While we were doing this I learned A LOT! Turns out third graders enjoy lots of color - almost the whole class picked the first one as their favorite. Interesting enough students didn't like three as much because the sky was green and not 'real' (which is also why it was the favorite for some kids). I then pointed out that number one doesn't have a real sky either. Hmmmm.....
So as we were doing this I realize that the whole reason I was asking these questions was to see if they could notice which buildings were easier to see - but no one was headed that way. Most of the kids liked the pictures based on colors or craftsmanship. This in itself was interesting. Sometimes I forget that kids are kids and have a different aesthetic on art than I do. I look at the pictures and find the contrast to be more pleasing, even though I love lots of bright colors. It was helpful for me to learn this information about my students to see that their color choices were indeed choices and not as haphazard as I originally thought.
I then asked them two more questions:
1) Which one has the best craftsmanship? What makes you say that?
2) Which one is it easiest to see the buildings on? What makes you say that?
This got even MORE interesting. Students were all over the place for craftsmanship. Some decided having white spots made it have poor craftsmanship, while others based it on how much the paint bled into other colors. Ahh the lens of a 3rd grader.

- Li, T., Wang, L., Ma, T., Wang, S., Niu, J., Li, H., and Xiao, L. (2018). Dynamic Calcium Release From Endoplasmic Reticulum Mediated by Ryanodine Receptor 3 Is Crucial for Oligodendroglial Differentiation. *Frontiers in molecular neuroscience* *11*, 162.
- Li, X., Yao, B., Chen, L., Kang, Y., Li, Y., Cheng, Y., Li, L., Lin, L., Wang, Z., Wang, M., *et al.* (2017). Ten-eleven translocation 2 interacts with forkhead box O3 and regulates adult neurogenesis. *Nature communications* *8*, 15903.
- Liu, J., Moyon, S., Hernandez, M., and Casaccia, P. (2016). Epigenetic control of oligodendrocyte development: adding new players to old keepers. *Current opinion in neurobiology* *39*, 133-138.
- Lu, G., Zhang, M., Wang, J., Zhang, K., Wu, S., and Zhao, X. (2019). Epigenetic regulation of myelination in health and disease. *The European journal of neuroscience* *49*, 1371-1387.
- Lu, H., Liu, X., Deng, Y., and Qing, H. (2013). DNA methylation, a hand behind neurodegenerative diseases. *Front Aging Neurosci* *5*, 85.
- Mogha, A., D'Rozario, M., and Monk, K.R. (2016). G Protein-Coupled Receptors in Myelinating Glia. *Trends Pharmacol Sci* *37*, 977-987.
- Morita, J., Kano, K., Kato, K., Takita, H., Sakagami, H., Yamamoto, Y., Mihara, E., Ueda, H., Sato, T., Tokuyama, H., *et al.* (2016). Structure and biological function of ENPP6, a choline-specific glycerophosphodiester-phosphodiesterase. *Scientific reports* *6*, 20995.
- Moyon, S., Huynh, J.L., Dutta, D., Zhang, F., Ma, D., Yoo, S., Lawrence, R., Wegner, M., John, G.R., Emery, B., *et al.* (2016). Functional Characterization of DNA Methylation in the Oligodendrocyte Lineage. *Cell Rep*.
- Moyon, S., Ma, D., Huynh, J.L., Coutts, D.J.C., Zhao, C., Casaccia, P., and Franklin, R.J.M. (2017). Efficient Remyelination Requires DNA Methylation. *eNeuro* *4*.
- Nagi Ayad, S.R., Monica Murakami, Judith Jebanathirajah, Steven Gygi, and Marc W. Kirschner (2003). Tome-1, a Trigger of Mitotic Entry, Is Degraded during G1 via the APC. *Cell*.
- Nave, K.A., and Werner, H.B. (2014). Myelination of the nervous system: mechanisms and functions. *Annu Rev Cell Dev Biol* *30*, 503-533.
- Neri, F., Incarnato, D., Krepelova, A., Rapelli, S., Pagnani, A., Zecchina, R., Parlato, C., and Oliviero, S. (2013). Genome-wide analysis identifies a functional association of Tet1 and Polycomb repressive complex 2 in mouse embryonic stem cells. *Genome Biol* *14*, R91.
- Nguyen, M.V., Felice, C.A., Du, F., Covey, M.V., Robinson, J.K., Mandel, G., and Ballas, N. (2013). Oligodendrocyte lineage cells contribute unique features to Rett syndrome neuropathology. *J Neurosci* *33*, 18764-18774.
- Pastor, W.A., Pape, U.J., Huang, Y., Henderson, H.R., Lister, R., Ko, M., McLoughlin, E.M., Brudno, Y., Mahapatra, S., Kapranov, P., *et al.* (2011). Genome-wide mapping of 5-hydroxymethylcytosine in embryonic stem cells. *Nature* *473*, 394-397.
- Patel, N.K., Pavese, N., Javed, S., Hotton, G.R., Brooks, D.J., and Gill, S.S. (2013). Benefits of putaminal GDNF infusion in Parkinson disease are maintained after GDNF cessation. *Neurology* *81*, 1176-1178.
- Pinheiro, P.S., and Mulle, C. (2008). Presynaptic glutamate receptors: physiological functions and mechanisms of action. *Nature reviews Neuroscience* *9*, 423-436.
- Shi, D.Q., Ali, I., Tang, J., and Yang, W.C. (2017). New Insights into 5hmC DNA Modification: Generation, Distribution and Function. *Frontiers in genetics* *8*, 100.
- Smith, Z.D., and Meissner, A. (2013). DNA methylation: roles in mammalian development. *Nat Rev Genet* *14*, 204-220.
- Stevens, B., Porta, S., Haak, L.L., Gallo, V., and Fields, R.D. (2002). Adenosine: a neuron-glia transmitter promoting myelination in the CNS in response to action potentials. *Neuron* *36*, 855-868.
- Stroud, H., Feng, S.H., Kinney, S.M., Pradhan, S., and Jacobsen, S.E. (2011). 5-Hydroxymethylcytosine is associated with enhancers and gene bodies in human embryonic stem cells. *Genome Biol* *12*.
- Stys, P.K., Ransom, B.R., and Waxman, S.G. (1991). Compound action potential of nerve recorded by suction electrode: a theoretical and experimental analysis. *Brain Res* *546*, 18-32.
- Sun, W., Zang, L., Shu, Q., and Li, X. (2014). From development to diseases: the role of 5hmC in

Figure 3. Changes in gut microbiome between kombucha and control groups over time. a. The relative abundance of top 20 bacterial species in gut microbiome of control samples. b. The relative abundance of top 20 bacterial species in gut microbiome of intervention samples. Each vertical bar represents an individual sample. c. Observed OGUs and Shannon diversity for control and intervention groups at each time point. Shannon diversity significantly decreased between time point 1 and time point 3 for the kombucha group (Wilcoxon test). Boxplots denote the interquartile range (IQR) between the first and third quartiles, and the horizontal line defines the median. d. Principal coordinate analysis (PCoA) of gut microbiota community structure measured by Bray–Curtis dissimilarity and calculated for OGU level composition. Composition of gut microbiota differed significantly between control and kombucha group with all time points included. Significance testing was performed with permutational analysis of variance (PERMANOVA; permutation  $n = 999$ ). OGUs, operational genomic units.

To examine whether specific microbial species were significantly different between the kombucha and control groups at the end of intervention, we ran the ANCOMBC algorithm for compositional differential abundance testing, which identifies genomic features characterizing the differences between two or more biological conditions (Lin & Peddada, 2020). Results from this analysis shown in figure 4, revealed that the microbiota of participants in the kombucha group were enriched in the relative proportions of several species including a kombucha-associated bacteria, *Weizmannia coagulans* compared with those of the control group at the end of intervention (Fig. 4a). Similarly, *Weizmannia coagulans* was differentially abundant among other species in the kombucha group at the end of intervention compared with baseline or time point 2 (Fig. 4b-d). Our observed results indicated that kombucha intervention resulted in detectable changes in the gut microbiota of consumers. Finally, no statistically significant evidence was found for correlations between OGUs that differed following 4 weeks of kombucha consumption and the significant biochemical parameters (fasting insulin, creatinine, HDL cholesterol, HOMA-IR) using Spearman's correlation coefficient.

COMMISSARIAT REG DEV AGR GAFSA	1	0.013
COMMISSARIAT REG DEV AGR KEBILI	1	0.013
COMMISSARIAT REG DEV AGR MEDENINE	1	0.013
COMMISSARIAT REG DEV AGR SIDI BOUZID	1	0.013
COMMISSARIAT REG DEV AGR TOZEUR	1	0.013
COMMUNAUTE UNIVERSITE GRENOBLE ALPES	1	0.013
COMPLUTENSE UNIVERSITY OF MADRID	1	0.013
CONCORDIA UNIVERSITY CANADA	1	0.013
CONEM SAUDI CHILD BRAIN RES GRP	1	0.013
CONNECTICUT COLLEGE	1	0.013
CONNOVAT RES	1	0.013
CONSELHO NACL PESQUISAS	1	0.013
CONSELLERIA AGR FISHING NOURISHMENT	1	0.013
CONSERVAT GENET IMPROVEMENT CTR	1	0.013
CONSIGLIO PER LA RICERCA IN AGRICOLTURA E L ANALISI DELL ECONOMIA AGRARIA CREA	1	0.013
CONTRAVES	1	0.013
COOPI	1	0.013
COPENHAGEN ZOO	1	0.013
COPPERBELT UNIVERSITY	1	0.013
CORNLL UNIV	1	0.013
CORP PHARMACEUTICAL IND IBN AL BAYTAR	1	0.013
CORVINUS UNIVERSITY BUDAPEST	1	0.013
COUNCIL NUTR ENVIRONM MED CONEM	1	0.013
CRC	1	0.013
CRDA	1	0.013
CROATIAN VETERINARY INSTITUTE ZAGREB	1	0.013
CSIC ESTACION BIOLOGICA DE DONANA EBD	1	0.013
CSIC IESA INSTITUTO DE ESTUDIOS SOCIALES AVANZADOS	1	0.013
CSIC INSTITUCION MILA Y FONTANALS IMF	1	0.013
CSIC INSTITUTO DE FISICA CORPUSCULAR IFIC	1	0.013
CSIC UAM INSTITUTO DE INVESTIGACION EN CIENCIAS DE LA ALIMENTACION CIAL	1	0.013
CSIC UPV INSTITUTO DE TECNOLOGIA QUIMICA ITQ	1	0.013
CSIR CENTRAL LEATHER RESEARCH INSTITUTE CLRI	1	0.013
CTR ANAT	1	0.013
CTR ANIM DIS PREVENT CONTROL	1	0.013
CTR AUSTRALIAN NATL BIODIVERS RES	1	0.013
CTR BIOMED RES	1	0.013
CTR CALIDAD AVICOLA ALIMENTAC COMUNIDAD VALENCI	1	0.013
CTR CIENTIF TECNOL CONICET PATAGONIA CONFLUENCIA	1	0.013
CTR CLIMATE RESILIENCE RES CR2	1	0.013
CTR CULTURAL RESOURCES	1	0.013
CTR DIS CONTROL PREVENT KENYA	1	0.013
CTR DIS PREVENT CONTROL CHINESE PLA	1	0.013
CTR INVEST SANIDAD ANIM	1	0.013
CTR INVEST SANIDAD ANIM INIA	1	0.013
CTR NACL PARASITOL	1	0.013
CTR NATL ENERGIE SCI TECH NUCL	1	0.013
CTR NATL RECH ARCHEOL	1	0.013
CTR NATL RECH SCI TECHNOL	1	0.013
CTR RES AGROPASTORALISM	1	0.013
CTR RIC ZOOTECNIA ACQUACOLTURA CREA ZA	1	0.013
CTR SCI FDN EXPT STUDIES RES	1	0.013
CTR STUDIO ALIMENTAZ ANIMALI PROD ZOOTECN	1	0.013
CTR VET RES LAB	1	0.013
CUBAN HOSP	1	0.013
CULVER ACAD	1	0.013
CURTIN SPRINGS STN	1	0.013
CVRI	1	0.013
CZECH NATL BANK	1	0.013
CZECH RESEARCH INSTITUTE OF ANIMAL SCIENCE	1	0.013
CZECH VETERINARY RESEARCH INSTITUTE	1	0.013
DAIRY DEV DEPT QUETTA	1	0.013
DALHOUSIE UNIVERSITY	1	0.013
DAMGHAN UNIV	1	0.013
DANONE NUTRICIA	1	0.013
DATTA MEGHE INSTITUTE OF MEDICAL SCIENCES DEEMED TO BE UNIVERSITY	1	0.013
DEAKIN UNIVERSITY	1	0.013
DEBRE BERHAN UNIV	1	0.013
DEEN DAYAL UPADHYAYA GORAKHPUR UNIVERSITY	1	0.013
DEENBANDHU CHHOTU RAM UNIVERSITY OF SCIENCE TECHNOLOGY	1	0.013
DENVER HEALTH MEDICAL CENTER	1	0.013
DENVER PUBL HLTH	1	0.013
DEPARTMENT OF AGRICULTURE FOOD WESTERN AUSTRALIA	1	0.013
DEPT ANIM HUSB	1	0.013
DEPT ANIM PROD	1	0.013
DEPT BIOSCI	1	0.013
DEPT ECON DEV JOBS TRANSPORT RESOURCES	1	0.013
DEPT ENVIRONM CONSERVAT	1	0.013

I was expecting students to pick their favorite cities for the one you could see the buildings best in - being that those they already had a bias to. Interestingly enough almost every kid in the class picked number two as being able to see the buildings the easiest.
We then spent some time exploring why number two was easier to see -- they all had buildings, all windows, all had doors, and all had the same kind of sky. Number two had less colors and was most like number three - but number three was still kind of hard to see the buildings. Students started to talk about light colors and dark colors and how the orange was a lighter color and blue more medium or dark.... this is where I jumped in and we talked about having high CONTRAST. Colors opposite on the color wheel have a higher contrast and stand out against each other. Colors on the color wheel that are close to each other have a lower contrast, meaning the colors are more similar. So the third picture has yellow buildings and a green sky -- yellow and green are close to each other and have a low contrast. Blue and orange in number two have a high contrast because they are across from each other on the wheel. The first one uses the same colors on the building as in the sky so it all blends together.
At this point we talked about actively choosing the colors they wanted for their desired outcome. Did they want LOTS of colors all over, but see the buildings less? Did they want to be able to see the buildings easier? I even had a kid pipe up and say that you could use cold colors on the sky and hot on their buildings because they are different. Totally!
The class today I think had a better idea of what contrast means and what it looks like - I have no idea what their papers will look like... they didn't have a tone of time to paint today. It will be interesting to see if there are more high contrasted pictures or more color everywhere.